Dispersing the Myths about Asylum

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Review of 'No One is Illegal', Steve Cohen, Trentham Books £17.99

'Asylum Madness' is the logo the 'Sun' is running above the articles it is pumping out daily against refugees in Britain. In fact it more accurately describes the level of hysteria that the right wing press and politicians have been stirring up. Steve Cohen's book 'No One Is Illegal: Asylum and Immigration Control Past and Present' helps to debunk some of those myths around refugees.

Cohen has been an immigration lawyer and campaigner for refugees for 20 years. His book is a collection of his articles published in various journals and books from 1988 to last year. He concentrates on the treatment and experiences of Jewish immigrants in Britain. The 1905 Aliens Act was the first immigration legislation. It targeted Jewish people. Cohen shows how immigration legislation has not just been about keeping people out. It has also been about discriminating against those who get in.

From the beginning, access to state benefits has depended on immigration status. Jewish immigrants were some of the first targets of the racist scapegoating that has been repeated against each new set of immigrants and refugees. As the Tory MP William Evans Gordon said in parliament in 1902, 'Not a day passes but English families are ruthlessly turned out to make room for foreign invaders. The rates are burdened with the education of thousands of foreign children.' Sounds familiar, doesn't it?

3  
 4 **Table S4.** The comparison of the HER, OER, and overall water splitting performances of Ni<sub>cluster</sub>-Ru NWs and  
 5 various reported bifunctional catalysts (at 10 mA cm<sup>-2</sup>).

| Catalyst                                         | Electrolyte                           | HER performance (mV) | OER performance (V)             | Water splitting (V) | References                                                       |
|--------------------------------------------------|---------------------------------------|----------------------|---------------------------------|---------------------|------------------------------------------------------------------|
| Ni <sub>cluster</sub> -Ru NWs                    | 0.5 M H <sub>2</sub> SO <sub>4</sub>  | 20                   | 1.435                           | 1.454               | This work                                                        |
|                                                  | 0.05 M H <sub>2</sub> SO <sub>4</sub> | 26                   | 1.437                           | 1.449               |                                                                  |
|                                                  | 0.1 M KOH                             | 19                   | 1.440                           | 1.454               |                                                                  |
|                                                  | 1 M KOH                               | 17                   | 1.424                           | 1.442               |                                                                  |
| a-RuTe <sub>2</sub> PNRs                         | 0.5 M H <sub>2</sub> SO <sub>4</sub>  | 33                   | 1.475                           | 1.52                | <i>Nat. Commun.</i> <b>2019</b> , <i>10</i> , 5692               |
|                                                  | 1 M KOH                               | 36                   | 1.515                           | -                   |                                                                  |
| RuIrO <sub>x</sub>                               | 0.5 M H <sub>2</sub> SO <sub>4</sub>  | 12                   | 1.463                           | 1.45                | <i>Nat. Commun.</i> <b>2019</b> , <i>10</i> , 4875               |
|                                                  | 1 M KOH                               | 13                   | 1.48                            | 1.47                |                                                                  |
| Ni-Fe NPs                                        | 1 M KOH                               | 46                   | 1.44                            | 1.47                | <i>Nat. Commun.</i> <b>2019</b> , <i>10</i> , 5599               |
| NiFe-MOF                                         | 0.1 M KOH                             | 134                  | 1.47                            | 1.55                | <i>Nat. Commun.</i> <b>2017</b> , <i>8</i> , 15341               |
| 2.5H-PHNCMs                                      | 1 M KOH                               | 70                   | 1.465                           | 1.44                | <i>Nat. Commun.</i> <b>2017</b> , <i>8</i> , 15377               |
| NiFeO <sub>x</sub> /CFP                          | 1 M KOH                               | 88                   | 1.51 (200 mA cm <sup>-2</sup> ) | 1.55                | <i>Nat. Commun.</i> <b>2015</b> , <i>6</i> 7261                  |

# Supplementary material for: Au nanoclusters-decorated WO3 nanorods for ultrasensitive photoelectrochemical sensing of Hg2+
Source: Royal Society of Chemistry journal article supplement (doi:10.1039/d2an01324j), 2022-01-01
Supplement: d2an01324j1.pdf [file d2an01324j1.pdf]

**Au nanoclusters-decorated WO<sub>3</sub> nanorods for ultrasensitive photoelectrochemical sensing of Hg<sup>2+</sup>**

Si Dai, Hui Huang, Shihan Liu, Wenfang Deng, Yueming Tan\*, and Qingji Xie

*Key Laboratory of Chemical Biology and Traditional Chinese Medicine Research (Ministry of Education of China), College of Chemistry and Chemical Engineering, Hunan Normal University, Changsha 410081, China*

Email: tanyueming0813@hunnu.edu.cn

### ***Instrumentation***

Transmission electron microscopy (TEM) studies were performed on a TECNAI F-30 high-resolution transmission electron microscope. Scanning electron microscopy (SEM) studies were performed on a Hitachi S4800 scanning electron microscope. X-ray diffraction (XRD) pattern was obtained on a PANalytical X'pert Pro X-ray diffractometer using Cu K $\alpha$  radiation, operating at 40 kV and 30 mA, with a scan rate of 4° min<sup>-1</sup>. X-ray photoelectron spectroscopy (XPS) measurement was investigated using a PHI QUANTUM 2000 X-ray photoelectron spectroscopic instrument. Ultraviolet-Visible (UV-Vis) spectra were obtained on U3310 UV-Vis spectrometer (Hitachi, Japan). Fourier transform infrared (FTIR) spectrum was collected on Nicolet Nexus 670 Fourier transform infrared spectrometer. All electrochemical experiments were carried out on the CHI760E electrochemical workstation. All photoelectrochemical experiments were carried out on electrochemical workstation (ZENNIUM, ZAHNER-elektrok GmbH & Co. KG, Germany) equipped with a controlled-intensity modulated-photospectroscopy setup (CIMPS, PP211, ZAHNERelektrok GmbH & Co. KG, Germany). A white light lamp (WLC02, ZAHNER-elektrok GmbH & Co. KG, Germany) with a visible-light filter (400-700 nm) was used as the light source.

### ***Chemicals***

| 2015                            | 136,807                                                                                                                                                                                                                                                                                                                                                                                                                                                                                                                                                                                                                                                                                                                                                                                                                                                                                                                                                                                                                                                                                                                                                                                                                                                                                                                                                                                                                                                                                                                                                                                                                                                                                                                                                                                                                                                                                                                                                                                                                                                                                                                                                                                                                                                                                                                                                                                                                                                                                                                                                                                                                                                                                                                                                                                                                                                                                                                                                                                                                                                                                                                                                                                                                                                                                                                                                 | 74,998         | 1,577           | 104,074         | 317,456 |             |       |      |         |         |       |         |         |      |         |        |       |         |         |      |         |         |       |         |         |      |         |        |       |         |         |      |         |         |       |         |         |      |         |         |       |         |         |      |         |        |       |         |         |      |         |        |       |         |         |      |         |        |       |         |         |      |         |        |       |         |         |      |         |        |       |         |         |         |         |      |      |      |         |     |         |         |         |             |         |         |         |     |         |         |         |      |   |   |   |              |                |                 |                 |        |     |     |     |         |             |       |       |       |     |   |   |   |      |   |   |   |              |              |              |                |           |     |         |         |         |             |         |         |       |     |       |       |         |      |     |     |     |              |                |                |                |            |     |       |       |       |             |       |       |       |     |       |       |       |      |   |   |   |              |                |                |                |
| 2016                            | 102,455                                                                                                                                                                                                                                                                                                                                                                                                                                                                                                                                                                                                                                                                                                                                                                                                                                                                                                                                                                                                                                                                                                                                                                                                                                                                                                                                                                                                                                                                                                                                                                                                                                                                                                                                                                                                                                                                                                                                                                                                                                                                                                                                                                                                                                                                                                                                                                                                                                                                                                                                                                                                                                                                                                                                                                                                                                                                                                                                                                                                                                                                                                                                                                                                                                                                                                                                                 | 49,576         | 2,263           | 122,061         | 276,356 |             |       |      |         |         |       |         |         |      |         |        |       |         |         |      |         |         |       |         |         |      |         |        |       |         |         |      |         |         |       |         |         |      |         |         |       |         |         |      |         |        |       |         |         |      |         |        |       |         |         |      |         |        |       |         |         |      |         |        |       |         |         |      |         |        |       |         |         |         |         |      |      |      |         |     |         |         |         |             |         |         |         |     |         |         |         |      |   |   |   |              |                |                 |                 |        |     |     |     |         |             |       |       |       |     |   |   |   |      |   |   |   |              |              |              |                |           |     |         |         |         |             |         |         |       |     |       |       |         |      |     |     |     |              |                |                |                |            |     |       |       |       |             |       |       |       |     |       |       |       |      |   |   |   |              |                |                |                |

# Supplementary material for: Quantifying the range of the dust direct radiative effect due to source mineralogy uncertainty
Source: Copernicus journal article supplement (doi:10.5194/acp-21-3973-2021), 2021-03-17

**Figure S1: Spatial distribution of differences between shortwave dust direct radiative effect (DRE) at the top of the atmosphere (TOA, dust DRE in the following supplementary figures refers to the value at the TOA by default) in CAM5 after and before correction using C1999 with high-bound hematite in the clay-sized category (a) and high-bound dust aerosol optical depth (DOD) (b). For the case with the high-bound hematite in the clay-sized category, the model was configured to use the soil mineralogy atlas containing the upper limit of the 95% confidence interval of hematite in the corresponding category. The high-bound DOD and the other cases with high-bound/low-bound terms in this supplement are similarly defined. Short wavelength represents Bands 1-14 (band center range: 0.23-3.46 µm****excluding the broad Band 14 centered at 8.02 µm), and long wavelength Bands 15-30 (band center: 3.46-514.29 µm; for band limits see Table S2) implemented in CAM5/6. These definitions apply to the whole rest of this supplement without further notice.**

In May 1938 visa restrictions were imposed on nationals from Germany and Austria, which hit Jews who were fleeing the Nazis. In the early years of the war Jews were interned in camps in Britain. In the Wharf Mill camp in Bury some 2,000 Jews were imprisoned behind barbed wire. There were no tables or benches, people had to eat standing. There were just 18 water taps in the camp for everyone to use for washing. It's hardly the proud tradition of welcoming refugees to Britain that press and politicians like to talk about while they back ever tougher legislation.

Cohen shows that both Tory and Labour governments have created laws to attack immigrants and refugees. 'British immigration laws split the century in three--the first being controls against Jewish workers fleeing anti-Semitism, the second being controls against black workers leaving the ravages of colonialism, and the last decade being controls against anyone escaping wars and famine,' he says.

New Labour's policy towards refugees has gone a step further. It has created a new poor law, argues Cohen, where the legislation restricted the mobility of the poor inside Britain in the early 17th century. Refugees today are forcibly dispersed to often sub standard accommodation across Britain, or can be dumped in centres with segregated health and education provision.

Cohen's book is a resource for those standing up against the hysteria against refugees. As it's a series of self contained articles there is inevitably a degree of repetition and the argument about why governments have used immigration controls is, unfortunately, broken up throughout the book. But in his conclusion Cohen takes a clear and principled position that it is not possible to have 'fair' or 'non-racist' immigration controls.

He praises two 'Socialist Worker' pamphlets written in 1996 and 1999 for standing up against the attacks on refugees. But he disagrees with the way they use statistics to challenge the myths over refugees. He claims this gives a 'hostage to fortune' and argues that the focus should be on why all immigration controls should be abolished. I think he's wrong on this point. In this climate of 'asylum madness' the real situation about refugees has become detached from reality. Highlighting the facts, figures and concrete examples helps put perspective on the current hysteria and exposes the lies and hypocrisy. In this ideological battle the wealth of historical examples and the unpicking of Tory and New Labour legislation in Cohen's book plays a very useful role.